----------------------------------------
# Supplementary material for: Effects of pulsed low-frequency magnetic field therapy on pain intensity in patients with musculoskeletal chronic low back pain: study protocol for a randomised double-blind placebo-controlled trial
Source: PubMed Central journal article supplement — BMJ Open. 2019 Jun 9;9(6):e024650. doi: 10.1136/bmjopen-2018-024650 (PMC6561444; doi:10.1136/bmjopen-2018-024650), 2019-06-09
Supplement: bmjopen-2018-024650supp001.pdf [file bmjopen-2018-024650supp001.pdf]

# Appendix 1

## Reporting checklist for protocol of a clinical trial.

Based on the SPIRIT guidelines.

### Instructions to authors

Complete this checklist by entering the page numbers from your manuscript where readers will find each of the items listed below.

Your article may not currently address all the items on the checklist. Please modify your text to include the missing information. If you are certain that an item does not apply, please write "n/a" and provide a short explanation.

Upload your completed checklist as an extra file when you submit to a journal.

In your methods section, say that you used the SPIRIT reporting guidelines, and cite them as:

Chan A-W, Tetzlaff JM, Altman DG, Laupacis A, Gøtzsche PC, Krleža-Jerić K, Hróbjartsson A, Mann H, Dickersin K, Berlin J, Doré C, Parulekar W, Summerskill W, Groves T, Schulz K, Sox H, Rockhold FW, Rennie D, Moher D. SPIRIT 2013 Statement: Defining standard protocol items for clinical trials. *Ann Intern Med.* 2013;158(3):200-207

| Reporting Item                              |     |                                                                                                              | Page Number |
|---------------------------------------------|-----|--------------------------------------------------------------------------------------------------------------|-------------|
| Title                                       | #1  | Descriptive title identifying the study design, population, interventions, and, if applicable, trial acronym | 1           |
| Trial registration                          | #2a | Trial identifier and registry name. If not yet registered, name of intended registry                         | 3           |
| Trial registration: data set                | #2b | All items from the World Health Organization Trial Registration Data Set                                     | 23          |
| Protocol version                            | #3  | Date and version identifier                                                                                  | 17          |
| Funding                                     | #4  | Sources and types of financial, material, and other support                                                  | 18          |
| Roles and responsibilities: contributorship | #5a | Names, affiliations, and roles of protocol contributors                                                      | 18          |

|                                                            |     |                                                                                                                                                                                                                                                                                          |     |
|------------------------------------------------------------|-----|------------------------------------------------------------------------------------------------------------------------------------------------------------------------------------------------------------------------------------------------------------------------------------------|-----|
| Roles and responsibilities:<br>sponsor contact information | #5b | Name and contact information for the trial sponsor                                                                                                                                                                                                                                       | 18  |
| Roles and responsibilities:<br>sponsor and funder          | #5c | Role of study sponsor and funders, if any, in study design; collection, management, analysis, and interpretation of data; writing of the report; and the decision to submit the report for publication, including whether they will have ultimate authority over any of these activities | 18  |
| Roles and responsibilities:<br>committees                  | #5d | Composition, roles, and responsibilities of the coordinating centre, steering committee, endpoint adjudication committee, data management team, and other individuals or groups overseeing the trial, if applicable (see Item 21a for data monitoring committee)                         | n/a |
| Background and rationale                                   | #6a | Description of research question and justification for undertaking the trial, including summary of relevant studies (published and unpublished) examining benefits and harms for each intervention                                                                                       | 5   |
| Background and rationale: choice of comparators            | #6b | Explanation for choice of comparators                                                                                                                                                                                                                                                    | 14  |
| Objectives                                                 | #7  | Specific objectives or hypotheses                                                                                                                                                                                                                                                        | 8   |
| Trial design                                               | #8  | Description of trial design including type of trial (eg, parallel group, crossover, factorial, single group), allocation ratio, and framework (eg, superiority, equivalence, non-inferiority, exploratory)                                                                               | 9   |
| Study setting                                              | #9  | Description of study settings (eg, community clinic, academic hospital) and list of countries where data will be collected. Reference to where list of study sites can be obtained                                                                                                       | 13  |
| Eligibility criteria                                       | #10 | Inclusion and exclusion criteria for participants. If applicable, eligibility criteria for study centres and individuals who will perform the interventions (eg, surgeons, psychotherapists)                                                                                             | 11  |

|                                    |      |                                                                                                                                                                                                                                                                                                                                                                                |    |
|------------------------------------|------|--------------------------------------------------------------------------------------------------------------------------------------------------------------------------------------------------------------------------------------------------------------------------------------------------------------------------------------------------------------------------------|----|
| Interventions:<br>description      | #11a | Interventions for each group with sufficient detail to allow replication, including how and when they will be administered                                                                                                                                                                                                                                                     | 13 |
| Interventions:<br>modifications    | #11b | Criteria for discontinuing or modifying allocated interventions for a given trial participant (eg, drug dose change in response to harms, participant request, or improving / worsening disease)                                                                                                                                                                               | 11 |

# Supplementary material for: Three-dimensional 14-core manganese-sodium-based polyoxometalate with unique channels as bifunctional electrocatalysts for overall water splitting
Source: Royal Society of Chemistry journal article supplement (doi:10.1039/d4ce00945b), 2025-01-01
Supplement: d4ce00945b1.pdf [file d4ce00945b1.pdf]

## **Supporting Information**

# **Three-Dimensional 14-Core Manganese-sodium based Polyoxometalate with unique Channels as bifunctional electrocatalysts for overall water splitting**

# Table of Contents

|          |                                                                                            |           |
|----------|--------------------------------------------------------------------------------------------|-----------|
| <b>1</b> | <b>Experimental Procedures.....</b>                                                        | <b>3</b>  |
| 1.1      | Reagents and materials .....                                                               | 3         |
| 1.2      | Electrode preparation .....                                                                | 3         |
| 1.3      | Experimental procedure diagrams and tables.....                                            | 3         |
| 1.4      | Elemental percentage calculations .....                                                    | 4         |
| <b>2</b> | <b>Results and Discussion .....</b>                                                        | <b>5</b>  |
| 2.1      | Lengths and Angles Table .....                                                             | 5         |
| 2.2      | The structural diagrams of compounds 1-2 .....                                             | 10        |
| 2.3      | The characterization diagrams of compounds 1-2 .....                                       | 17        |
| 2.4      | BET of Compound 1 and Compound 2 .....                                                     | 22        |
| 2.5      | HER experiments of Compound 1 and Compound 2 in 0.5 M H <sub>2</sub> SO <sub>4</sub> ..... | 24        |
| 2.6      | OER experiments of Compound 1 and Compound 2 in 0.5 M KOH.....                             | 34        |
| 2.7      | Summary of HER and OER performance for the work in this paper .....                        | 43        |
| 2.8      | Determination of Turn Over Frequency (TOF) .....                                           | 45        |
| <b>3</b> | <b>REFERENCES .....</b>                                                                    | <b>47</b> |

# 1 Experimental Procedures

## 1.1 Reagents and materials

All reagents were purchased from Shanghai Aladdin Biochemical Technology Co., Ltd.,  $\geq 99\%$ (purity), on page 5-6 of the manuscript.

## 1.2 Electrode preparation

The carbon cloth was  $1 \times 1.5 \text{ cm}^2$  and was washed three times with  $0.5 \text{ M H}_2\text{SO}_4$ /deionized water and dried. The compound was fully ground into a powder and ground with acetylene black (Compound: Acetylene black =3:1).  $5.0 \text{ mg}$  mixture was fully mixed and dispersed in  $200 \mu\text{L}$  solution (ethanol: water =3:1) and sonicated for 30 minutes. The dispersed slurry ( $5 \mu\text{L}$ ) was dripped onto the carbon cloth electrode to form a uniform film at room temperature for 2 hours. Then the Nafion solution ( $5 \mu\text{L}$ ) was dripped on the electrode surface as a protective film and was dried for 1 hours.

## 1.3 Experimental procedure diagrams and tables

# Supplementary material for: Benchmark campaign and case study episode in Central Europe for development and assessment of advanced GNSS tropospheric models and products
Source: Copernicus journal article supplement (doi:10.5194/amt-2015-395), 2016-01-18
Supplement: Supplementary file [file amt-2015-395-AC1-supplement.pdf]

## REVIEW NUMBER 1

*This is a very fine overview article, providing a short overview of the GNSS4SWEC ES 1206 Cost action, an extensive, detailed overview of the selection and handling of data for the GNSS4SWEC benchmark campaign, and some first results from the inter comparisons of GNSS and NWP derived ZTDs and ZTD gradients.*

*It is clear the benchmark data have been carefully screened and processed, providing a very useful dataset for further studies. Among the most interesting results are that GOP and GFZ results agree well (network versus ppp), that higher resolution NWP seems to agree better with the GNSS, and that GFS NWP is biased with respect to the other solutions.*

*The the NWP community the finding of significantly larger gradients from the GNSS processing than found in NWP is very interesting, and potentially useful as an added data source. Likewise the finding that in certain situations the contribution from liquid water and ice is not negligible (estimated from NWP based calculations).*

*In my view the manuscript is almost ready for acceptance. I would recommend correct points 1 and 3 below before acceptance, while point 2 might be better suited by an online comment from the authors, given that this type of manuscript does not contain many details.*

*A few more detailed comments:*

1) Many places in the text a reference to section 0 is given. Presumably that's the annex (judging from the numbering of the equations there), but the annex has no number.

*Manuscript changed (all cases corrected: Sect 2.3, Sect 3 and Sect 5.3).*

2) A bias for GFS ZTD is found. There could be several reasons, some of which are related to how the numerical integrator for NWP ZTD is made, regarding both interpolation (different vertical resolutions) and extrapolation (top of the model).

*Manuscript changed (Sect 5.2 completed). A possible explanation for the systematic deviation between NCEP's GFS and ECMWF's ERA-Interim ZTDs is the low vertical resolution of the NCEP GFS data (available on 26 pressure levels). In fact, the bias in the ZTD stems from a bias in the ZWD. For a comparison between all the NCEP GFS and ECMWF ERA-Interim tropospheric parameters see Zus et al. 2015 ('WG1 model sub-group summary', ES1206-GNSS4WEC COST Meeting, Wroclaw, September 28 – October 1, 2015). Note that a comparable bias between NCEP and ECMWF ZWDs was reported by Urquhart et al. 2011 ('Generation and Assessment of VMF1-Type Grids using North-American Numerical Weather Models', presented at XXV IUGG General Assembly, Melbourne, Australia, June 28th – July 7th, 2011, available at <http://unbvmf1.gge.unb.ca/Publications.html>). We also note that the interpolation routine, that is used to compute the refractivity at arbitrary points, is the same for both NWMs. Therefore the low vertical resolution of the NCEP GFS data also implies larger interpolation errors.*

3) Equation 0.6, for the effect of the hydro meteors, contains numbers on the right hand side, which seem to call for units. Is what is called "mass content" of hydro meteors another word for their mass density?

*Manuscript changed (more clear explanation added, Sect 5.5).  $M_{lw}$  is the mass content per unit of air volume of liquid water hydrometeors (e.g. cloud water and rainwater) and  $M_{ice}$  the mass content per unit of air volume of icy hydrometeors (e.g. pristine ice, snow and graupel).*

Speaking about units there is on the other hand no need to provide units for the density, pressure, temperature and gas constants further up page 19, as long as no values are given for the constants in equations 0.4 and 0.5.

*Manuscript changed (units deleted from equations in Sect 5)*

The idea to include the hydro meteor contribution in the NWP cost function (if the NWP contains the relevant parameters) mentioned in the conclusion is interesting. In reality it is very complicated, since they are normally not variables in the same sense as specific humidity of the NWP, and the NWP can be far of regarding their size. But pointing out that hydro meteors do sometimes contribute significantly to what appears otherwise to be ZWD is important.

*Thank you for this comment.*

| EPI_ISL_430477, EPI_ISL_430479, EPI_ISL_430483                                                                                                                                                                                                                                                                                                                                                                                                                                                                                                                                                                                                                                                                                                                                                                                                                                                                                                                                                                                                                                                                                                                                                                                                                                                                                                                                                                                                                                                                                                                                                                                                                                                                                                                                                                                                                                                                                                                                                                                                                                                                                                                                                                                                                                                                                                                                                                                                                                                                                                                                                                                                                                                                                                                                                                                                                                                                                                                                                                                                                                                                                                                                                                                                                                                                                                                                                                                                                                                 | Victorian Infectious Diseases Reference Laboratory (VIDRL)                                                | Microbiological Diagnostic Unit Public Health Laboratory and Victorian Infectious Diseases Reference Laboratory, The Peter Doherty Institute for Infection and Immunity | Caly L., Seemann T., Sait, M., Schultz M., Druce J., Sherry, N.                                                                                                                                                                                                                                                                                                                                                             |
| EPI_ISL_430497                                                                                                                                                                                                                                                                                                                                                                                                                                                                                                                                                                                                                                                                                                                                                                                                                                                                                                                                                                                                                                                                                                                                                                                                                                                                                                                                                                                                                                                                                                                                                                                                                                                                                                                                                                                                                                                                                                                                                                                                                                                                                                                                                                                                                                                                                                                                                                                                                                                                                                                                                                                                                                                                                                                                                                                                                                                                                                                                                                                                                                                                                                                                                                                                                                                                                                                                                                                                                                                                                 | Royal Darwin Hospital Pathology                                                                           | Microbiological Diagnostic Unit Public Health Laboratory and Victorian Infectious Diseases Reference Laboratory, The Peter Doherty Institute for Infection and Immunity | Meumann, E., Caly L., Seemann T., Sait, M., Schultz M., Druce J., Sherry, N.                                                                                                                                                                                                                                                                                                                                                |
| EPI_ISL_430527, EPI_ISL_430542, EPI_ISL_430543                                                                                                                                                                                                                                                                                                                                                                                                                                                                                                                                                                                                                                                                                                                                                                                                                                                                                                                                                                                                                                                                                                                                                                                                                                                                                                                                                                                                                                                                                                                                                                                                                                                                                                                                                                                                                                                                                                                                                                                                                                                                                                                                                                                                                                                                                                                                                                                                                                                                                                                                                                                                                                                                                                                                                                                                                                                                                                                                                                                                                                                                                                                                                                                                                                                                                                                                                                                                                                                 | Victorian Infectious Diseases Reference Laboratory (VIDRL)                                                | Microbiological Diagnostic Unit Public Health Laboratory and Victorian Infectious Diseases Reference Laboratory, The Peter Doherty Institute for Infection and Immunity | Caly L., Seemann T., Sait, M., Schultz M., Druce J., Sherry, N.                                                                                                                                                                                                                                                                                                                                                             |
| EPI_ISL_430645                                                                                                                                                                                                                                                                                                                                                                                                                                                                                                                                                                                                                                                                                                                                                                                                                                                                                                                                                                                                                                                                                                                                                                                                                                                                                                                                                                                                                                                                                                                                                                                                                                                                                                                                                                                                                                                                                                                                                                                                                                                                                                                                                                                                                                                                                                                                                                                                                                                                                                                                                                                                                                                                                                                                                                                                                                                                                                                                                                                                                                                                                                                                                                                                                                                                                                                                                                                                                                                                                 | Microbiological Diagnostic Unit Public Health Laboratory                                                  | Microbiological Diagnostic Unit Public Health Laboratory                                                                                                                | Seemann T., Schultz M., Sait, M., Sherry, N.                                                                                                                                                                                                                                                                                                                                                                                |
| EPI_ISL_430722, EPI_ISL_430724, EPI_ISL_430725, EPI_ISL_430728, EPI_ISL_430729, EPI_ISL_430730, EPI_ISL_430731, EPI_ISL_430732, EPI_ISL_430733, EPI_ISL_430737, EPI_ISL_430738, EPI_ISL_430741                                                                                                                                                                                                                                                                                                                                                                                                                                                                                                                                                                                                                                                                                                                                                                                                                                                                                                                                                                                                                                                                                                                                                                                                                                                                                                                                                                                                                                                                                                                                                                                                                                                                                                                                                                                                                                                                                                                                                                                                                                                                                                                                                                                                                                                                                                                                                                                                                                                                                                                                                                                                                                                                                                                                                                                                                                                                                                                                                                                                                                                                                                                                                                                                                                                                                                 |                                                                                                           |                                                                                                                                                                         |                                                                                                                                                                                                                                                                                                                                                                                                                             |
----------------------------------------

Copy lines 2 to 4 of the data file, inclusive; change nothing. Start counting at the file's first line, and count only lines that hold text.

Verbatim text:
Source: PubMed Central journal article supplement — BMJ Open. 2019 Jun 9;9(6):e024650. doi: 10.1136/bmjopen-2018-024650 (PMC6561444; doi:10.1136/bmjopen-2018-024650), 2019-06-09
Supplement: bmjopen-2018-024650supp001.pdf [file bmjopen-2018-024650supp001.pdf]

# Appendix 1